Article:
And meekness – Meekness relates to the manner in which we receive injuries. We are to bear them patiently, and not to retaliate, or seek revenge. The meaning here is, that; we adorn the gospel when we show its power in enabling us to bear injuries without anger or a desire of revenge, or with a mild and forgiving spirit; see 2 Corinthians 10:1; Galatians 5:23; Galatians 6:1; 2 Timothy 2:25; Titus 3:2; where the same Greek word occurs.

With long-suffering – Bearing patiently with the foibles, faults, and infirmities of others… The virtue here required is that which is to be manifested in our manner of receiving the provocations which we meet with from our brethren. No virtue, perhaps, is more frequently demanded in our contact with others. We do not go far with any fellow-traveler on the journey of life, before we find there is great occasion for its exercise. He has a temperament different from our own. He may be sanguine, or choleric, or melancholy; while we may be just the reverse. He has peculiarities of taste, and habits, and disposition, which differ much from ours. He has his own plans and purposes of life, and his own way and time of doing things. He may be naturally irritable, or he may have been so trained that his modes of speech and conduct differ much from ours. Neighbors have occasion to remark this in their neighbors; friends in their friends; kindred in their kindred; one church-member in another.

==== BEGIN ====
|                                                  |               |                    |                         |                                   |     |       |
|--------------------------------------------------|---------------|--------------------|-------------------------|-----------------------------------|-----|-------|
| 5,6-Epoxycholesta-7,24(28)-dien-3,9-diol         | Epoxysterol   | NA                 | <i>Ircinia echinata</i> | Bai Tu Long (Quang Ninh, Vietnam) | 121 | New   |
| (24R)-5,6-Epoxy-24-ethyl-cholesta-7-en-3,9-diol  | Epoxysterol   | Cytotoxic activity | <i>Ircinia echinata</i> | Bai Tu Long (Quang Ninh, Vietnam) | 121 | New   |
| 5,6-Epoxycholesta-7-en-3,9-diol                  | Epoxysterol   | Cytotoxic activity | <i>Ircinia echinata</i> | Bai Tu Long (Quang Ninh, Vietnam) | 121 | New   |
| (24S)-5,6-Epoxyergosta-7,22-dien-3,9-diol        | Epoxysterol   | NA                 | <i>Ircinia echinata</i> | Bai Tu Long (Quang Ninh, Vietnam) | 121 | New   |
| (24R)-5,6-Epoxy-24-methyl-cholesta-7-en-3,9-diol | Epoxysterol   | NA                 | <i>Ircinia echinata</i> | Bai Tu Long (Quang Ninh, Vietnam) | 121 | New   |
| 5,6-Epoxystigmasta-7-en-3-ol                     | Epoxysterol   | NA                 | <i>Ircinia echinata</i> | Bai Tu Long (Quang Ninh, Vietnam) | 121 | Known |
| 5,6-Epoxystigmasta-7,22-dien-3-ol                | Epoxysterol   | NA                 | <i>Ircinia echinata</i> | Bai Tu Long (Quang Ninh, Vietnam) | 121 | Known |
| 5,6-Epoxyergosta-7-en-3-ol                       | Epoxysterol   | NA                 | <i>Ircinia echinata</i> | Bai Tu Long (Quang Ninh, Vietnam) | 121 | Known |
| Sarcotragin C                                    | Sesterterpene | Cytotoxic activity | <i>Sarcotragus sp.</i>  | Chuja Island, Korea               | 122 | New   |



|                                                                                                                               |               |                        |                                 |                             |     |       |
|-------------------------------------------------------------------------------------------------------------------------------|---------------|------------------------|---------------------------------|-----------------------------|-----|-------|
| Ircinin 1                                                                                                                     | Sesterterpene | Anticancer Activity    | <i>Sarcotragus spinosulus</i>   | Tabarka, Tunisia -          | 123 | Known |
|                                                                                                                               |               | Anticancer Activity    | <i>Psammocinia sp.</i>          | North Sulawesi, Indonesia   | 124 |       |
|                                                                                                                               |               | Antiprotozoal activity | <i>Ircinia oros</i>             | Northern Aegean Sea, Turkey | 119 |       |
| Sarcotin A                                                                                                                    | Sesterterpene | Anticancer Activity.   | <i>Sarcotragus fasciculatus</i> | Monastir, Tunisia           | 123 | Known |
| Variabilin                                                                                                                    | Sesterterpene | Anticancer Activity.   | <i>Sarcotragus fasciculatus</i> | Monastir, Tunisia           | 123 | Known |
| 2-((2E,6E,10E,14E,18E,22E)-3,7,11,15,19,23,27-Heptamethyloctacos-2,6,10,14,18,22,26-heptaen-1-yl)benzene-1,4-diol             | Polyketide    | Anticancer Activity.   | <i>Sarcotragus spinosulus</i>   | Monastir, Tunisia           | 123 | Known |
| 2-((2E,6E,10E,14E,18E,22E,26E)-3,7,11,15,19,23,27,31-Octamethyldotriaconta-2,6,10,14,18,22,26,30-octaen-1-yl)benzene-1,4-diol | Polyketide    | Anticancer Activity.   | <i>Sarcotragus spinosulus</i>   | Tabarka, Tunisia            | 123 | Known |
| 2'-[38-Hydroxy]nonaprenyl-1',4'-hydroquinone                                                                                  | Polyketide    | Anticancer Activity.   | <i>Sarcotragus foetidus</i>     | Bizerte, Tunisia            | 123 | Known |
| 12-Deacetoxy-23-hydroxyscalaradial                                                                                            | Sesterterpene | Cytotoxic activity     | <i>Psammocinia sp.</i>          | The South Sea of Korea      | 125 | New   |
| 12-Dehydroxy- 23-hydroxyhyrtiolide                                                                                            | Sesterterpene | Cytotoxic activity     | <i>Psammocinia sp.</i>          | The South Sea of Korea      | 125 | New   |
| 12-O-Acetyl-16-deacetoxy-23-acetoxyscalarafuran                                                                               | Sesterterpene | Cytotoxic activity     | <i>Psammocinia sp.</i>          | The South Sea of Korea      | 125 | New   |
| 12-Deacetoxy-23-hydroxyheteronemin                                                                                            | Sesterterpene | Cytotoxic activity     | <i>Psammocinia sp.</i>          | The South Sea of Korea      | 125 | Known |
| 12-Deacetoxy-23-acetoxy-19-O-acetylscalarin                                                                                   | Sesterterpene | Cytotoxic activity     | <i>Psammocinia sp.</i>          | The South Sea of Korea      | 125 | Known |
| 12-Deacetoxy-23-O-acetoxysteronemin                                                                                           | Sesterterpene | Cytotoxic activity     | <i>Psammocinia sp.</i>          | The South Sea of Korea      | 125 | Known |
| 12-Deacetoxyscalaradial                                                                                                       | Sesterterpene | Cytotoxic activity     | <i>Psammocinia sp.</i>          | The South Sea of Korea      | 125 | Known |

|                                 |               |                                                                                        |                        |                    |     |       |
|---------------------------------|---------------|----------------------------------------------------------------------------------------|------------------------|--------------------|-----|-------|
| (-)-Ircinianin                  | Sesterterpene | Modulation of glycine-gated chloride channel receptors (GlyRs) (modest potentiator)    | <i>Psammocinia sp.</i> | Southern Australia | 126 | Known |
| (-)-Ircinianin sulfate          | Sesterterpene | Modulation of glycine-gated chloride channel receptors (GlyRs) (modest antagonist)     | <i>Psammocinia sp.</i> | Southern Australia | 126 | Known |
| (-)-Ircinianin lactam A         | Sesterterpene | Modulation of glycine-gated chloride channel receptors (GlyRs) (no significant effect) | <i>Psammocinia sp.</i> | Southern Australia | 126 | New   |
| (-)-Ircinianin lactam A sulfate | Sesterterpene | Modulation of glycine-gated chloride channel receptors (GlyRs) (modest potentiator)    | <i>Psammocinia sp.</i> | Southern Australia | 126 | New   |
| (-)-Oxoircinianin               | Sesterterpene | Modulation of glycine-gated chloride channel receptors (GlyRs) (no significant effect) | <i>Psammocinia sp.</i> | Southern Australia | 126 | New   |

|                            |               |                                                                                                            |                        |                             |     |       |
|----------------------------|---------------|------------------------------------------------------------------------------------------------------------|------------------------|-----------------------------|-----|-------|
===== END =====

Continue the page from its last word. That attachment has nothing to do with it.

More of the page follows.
A husband and wife … can find enough in each other to embitter life, if they choose to magnify imperfections, and to become irritated at trifles; and there is no friendship that may not be marred in this way, if we will allow it. Hence, if we would have life move on smoothly, we must learn to bear and forbear. We must indulge the friend that we love in the little peculiarities of saying and doing things which may be important to him, but which may be of little moment to us. Like children, we must suffer each one to build his play-house in his own way, and not quarrel with him because he does not think our way the best. All usefulness, and all comfort, may be prevented by an unkind, a sour, a crabbed temper of mind – a mind that can bear with no difference of opinion or temperament. A spirit of fault-finding; an unsatisfied temper; a constant irritability; little inequalities in the look, the temper, or the manner; a brow cloudy and dissatisfied – your husband or your wife cannot tell why – will more than neutralize all the good you can do, and render life anything but a blessing.